But one could also use this technique to comfort people. Imagine someone with a decent IQ says: “I forgot to put the garbage outside”, an appropriate response on the same level would be: “That is a bit stupid”. One could play with the reference frame by going far under the appropriate response (lower than the focus). By going far under, this implies that you would expect way less of this person, in your (fictional) reference frame he would have a very low IQ. When you go under, you could respond with: “Well, it is not as bad as accidentally killing ten people”. He will feel better about himself. You can also make people feel worse about themselves by going far over the reference frame. When you go over the reference frame, you could respond with: “You are making this building a filthy place!”. In this situation, we act like we have enormous expectations of this person. Words like “I expected more from you” or saying “How stupid are you?”. Also do the trick, because those make the reference frame quite explicit and hurtful.

Appropriate responses
Maybe you recognize familiar situations when you were doing something good but you didn’t get the appropriate response. Imagine you are a salesperson for a moment. You made a sale, but your boss has several ways to respond. He could respond from a low reference frame (your sale is exceeding his expectations): “What a fantastic job, you made a sale!” Appropriate: “Good job, this is what we need” Over: “Well, the sale could be much bigger”. From his responses, you learn what he thinks of you, even though he doesn’t say anything about you that explicitly in these responses. Both under and over can be quite hurtful, because Under (low expectations) implies that he’s thinking not that much of you. While Over (high expectations) imply that you’re not doing good enough.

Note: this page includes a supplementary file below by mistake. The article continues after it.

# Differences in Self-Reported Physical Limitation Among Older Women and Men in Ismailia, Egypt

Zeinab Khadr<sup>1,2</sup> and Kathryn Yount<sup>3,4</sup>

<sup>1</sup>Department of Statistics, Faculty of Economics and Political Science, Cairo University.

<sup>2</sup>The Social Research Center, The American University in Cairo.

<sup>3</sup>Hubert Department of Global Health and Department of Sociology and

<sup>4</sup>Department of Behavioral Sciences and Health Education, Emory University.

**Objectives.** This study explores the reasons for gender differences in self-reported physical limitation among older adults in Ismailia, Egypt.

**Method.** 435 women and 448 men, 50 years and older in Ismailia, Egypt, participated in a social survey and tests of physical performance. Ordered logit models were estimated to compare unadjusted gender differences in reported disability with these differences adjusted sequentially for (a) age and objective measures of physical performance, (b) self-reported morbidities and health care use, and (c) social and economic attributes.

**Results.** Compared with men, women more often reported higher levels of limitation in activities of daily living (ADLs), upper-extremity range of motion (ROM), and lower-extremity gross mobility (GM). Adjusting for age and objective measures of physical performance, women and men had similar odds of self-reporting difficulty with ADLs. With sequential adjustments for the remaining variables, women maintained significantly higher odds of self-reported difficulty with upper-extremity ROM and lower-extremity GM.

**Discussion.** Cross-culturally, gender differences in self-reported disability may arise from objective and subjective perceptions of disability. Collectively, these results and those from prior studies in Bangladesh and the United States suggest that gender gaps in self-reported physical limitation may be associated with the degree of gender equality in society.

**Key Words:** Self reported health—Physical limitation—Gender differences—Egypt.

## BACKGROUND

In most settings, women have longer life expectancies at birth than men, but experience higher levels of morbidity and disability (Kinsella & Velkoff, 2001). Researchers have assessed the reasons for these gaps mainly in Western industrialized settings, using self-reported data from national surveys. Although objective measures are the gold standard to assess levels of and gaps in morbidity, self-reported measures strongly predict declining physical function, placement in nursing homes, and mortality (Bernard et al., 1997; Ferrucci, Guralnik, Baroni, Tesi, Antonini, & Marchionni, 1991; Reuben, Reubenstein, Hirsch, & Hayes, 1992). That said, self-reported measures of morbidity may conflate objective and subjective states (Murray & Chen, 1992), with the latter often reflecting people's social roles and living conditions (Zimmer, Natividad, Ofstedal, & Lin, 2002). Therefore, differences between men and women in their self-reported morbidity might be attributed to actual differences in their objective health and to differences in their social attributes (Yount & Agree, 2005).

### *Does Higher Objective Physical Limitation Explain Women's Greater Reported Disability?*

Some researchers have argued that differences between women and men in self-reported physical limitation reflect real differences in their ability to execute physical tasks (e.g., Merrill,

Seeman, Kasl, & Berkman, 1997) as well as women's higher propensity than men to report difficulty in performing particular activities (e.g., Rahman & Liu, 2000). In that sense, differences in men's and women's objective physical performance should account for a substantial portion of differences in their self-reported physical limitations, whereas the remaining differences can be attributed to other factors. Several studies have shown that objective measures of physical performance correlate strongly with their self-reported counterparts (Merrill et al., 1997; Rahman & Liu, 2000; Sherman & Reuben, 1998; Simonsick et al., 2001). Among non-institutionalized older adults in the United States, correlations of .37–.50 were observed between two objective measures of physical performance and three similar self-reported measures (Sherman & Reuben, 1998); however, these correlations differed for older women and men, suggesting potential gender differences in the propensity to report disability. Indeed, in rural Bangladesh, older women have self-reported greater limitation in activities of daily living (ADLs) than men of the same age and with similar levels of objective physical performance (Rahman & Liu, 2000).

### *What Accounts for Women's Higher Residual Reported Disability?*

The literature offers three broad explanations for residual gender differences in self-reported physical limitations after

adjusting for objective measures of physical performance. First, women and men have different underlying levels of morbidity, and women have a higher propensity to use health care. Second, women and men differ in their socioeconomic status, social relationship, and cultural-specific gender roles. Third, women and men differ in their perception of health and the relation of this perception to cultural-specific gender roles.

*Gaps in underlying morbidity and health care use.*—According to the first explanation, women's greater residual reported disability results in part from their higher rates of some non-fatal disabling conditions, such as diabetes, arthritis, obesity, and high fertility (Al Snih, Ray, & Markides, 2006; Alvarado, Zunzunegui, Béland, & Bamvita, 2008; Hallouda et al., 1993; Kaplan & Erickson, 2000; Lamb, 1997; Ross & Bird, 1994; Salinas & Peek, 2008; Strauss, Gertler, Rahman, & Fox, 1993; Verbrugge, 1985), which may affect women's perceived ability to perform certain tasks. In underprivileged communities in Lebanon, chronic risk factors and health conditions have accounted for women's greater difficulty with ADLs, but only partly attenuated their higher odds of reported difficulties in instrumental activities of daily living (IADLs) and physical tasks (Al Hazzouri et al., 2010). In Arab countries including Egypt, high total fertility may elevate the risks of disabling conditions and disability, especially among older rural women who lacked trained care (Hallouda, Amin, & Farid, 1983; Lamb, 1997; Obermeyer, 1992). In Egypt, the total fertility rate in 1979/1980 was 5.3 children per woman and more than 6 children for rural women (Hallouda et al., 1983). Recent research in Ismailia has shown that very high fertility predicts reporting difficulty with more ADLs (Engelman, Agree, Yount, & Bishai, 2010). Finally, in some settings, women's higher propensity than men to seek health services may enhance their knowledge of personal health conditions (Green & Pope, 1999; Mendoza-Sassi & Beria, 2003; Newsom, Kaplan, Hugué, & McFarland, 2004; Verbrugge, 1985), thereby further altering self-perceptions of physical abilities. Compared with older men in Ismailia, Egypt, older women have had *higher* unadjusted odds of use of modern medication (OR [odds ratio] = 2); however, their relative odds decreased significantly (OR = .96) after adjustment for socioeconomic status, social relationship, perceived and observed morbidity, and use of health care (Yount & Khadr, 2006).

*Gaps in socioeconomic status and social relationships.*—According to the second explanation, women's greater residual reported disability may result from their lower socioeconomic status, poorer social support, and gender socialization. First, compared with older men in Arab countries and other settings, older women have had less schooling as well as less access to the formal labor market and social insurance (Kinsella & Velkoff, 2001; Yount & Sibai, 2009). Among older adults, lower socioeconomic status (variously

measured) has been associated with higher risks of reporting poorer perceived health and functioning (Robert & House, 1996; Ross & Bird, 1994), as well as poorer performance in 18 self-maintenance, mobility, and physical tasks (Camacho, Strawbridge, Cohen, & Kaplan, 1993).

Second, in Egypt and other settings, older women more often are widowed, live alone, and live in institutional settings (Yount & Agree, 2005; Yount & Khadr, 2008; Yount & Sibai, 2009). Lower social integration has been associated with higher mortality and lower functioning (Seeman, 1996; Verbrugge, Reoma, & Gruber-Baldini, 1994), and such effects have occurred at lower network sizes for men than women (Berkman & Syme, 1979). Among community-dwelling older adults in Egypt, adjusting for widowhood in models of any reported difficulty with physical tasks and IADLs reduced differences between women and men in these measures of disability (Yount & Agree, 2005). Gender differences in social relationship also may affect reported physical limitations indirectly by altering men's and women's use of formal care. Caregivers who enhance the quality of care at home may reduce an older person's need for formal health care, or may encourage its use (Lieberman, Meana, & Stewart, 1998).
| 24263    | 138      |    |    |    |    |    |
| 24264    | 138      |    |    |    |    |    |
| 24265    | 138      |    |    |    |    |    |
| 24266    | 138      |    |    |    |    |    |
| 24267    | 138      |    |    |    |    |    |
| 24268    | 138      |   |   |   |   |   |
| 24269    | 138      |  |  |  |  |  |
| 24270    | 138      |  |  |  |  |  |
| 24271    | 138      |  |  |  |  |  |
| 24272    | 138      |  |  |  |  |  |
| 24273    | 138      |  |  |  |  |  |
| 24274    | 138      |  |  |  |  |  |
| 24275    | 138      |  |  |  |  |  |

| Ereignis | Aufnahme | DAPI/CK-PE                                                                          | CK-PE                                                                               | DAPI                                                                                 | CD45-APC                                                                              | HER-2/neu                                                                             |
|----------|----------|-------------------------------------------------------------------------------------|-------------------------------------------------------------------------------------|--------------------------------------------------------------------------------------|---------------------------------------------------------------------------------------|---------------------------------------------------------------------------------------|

Learning who people are through the things they say
When you play with the reference frame, you are sending out a certain implicit message which could be picked up. With the things you say, you often implicitly tell what you think and expect from your partner. Many conversation partners are very good in learning about themselves through the things you say about them. For example. when you get a genuine complement on tying your shoes, you know that this person thinks you are dumb. When you play with the reference frame, you are thus actually sending out the reference frame towards this person. 

This could be quite a tricky business, but good luck applying it! There is more theoretical basis behind this blog, but I tried to make it quite practical. If you’re curious about this, let me know!

Other material

A blog I wrote about playing with the reference frame and perception of happiness

More stuff to write about on conversations and reference frames:
The multi leveled signals of conversations (how to play with the face and body to send implicit signals
The change of the reference frame over time and growth (how growth is not always growth)
The (tree) structure of conversations and changing it